London: More than half of the 2.6 million stillbirths that occur globally every year are actually preventable, according to new research published in the journal The Lancet.
Ten countries account for two-thirds of stillbirths with India having the highest number, estimated at 592,100 in 2015, according to the new estimates of stillbirth rates by the World Health Organisation.
Despite significant reductions in the number of maternal and child deaths, there has been little change in the number of stillbirths even though the majority are preventable, the study said.
Half of all stillbirths occur during labour and birth, usually after a full nine month pregnancy, and the research highlighted that most of these deaths could be prevented with improved quality of care.
“We must give a voice to the mothers of 7,200 babies stillborn around the world every day. There is a common misperception that many of the deaths are inevitable, but our research shows most stillbirths are preventable,” said one of the researchers Joy Lawn from the London School of Hygiene & Tropical Medicine.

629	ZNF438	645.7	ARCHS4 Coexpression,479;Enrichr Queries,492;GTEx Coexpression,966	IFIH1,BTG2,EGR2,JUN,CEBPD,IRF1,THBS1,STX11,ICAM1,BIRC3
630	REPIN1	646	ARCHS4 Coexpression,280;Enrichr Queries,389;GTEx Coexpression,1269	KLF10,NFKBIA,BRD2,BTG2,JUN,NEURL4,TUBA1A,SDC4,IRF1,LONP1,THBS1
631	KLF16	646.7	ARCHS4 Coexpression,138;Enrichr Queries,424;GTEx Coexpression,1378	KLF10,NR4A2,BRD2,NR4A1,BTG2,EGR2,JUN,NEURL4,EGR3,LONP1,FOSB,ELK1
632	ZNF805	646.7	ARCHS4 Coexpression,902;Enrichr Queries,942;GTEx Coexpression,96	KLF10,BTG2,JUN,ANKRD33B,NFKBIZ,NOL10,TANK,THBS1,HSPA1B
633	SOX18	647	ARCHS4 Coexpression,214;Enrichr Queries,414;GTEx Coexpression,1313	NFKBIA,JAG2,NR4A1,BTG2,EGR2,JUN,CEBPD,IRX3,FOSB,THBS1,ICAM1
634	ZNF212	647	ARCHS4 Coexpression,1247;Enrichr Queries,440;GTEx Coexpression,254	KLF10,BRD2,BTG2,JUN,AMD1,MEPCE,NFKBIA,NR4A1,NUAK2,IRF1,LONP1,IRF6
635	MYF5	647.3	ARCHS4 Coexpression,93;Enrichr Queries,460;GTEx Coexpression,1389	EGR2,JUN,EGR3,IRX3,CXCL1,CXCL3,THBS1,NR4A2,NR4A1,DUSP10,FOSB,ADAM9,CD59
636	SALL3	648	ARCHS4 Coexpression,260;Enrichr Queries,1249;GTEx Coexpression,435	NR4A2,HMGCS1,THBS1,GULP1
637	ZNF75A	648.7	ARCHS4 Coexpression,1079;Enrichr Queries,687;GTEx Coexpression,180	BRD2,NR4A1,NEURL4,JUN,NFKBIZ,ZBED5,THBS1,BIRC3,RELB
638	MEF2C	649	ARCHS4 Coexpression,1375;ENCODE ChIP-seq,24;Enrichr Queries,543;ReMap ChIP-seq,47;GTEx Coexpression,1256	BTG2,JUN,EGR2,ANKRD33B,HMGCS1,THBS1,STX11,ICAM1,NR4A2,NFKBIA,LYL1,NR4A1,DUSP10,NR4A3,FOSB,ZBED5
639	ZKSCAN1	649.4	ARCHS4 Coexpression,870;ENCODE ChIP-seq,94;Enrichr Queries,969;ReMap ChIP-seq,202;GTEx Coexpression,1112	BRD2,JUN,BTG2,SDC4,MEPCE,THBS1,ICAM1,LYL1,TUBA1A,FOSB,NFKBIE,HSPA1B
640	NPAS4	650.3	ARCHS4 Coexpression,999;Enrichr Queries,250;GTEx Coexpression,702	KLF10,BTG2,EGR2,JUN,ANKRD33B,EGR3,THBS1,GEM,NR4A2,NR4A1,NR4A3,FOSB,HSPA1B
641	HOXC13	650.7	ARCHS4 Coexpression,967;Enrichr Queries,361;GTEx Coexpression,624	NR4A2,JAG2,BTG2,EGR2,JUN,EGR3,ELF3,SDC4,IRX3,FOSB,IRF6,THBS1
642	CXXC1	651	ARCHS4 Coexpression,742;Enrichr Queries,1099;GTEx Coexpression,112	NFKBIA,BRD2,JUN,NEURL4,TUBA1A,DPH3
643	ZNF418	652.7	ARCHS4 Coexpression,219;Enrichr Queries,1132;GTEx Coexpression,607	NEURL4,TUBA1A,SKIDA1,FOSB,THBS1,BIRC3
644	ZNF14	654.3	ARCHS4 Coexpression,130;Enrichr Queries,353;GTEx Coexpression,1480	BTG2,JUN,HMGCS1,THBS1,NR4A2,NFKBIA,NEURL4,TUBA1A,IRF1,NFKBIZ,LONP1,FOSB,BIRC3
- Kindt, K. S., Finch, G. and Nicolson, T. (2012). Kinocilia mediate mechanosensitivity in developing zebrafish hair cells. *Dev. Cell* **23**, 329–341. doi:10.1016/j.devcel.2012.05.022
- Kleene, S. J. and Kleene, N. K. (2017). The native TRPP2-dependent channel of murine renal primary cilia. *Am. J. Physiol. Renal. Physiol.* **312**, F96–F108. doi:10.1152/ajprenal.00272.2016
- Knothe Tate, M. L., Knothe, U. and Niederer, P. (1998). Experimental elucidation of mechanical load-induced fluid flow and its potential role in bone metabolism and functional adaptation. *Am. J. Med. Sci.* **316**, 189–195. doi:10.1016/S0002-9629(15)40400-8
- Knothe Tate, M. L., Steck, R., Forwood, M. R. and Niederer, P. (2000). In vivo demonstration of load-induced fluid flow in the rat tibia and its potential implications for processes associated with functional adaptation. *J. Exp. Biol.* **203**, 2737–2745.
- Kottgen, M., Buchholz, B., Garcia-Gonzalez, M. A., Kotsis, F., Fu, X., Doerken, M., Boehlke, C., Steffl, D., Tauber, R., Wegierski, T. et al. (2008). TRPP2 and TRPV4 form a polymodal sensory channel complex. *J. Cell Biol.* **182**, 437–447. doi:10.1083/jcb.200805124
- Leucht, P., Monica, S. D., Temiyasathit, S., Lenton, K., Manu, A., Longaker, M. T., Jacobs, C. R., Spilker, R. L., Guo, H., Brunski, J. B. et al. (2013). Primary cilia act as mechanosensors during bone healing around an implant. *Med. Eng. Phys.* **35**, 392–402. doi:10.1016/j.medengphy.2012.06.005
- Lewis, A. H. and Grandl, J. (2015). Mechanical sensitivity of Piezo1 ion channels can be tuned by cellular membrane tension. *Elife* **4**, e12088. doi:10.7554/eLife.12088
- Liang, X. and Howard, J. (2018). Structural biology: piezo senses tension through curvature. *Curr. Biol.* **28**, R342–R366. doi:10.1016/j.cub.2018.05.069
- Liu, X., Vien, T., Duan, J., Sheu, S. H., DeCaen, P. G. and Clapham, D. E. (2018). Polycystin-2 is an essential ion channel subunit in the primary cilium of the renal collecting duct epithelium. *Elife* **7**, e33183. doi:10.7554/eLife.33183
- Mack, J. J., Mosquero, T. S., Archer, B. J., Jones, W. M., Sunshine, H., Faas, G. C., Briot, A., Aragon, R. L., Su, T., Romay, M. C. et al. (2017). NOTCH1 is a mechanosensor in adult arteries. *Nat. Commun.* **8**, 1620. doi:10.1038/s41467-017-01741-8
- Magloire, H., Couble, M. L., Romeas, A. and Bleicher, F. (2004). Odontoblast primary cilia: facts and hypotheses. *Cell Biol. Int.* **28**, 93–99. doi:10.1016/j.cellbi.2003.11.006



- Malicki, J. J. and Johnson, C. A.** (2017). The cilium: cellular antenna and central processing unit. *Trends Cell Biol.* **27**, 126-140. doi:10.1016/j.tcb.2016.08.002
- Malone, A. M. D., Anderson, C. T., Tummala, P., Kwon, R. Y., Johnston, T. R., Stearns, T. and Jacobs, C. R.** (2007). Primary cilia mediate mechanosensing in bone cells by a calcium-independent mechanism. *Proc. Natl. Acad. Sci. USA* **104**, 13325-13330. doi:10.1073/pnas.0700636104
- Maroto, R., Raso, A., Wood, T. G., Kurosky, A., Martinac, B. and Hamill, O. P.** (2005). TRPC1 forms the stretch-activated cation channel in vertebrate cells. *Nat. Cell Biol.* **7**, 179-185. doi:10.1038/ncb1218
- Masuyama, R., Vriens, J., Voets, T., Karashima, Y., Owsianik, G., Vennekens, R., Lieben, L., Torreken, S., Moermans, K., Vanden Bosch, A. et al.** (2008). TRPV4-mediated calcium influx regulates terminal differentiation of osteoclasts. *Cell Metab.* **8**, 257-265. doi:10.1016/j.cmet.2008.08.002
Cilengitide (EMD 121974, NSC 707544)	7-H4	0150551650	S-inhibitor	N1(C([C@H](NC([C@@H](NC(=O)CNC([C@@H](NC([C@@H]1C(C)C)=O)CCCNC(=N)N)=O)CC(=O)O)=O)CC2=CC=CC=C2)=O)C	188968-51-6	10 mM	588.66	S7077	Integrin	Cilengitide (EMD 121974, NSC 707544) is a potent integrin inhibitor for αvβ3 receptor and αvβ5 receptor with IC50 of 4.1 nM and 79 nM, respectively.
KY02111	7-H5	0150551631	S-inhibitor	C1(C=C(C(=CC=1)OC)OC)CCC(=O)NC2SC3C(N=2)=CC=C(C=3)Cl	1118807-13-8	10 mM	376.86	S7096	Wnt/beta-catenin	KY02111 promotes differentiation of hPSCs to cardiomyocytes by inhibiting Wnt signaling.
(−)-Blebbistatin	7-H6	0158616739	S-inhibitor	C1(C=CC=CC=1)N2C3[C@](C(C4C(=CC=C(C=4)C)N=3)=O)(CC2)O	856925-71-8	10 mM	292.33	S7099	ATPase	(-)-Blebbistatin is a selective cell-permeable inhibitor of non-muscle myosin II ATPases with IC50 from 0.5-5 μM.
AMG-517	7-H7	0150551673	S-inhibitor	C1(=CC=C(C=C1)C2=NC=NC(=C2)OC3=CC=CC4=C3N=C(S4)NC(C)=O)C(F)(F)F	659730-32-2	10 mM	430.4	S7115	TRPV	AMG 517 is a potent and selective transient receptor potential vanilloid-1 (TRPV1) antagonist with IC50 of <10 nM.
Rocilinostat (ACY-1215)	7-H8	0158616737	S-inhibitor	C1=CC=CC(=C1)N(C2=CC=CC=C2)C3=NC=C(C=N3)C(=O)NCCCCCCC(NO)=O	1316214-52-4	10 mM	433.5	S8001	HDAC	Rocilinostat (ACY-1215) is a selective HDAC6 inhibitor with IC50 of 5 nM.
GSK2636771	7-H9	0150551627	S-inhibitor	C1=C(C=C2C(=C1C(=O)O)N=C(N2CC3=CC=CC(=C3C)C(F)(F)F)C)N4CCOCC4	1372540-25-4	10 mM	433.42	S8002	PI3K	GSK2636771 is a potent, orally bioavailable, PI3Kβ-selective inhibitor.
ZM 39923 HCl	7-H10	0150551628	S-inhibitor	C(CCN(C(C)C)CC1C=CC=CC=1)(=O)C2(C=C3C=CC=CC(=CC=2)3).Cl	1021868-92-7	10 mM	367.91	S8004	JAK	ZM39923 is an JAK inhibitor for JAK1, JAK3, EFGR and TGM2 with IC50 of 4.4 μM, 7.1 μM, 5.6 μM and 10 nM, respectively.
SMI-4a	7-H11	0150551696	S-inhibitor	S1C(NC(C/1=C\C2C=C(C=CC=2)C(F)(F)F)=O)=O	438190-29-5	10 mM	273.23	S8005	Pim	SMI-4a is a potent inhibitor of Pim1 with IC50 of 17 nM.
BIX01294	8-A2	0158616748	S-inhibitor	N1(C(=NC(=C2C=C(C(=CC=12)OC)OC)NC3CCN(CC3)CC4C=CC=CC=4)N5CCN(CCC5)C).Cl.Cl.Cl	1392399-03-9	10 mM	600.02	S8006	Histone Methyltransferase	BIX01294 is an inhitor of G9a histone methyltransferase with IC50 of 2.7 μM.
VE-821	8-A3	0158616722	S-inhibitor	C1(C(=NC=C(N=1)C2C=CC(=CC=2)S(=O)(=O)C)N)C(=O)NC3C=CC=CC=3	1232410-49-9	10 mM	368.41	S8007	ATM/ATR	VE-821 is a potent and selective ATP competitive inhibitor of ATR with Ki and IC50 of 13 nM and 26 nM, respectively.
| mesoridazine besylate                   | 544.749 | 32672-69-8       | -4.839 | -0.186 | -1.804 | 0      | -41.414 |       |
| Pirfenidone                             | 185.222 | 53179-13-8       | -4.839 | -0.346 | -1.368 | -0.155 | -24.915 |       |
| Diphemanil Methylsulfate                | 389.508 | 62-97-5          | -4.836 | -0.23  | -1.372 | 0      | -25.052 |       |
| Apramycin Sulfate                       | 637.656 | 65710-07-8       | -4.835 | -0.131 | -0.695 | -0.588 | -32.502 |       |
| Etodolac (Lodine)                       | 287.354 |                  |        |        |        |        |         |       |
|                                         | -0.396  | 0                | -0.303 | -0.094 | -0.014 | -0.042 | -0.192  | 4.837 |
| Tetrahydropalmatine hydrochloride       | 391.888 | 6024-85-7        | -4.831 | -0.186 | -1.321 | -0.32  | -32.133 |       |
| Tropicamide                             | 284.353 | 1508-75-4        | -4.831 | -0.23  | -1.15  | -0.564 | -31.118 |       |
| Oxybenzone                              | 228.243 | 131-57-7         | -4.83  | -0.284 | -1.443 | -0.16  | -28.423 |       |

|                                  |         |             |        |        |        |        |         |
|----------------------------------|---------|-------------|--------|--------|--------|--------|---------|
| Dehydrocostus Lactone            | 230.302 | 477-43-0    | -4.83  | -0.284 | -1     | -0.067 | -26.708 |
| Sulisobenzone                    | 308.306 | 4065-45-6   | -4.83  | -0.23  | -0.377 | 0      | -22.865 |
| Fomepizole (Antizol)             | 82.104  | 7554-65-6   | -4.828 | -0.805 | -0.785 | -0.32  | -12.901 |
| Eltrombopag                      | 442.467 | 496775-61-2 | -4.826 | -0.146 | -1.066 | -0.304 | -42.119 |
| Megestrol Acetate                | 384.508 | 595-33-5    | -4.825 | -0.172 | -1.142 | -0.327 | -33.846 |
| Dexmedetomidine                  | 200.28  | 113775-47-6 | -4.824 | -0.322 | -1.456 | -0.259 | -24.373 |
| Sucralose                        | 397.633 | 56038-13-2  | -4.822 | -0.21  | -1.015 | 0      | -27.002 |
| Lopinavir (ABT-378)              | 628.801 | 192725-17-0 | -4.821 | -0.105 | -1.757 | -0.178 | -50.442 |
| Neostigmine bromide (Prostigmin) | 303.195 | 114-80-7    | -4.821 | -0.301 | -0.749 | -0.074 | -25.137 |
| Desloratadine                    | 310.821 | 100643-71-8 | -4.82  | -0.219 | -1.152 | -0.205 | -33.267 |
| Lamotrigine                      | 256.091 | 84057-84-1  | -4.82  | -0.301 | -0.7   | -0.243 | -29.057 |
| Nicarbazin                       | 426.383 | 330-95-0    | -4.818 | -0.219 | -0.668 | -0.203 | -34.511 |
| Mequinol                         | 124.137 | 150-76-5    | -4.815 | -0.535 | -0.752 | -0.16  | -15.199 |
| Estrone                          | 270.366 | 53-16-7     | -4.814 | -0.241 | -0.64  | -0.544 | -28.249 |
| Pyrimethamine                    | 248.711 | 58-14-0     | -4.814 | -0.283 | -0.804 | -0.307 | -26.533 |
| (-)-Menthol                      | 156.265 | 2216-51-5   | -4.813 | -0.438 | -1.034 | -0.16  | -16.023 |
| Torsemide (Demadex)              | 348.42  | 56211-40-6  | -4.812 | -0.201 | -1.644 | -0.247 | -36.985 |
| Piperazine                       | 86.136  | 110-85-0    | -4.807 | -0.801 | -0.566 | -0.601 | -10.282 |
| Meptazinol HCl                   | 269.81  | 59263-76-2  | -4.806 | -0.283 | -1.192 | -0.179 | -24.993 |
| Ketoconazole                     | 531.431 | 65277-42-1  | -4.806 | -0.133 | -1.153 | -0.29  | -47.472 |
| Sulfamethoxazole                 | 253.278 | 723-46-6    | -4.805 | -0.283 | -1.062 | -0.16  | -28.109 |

“Half of the 2.6 million annual deaths could be prevented with improved care for women and babies during labour and childbirth, and additionally, many more lives could be saved with effective care during pregnancy. We already know which existing interventions save lives,” Lawn noted.
The researchers found that the annual rate of reduction for stillbirths is two percent, much slower than progress made for maternal (three percent) and child deaths (4.5 percent)
Globally, 98 percent of all stillbirths occur in low and middle-income countries. At the current rate of progress, it will be more than 160 years before a pregnant woman in Africa has the same chance of her baby being born alive as a woman in a high income country today, the study said.
The new research that includes the first global analysis of risk factors associated with stillbirth, underlined that many deaths can be prevented by treating infections during pregnancy, tackling the global epidemics of obesity and non-communicable diseases, notably diabetes and hypertension, strengthening access to and quality of family planning services, and addressing inequalities.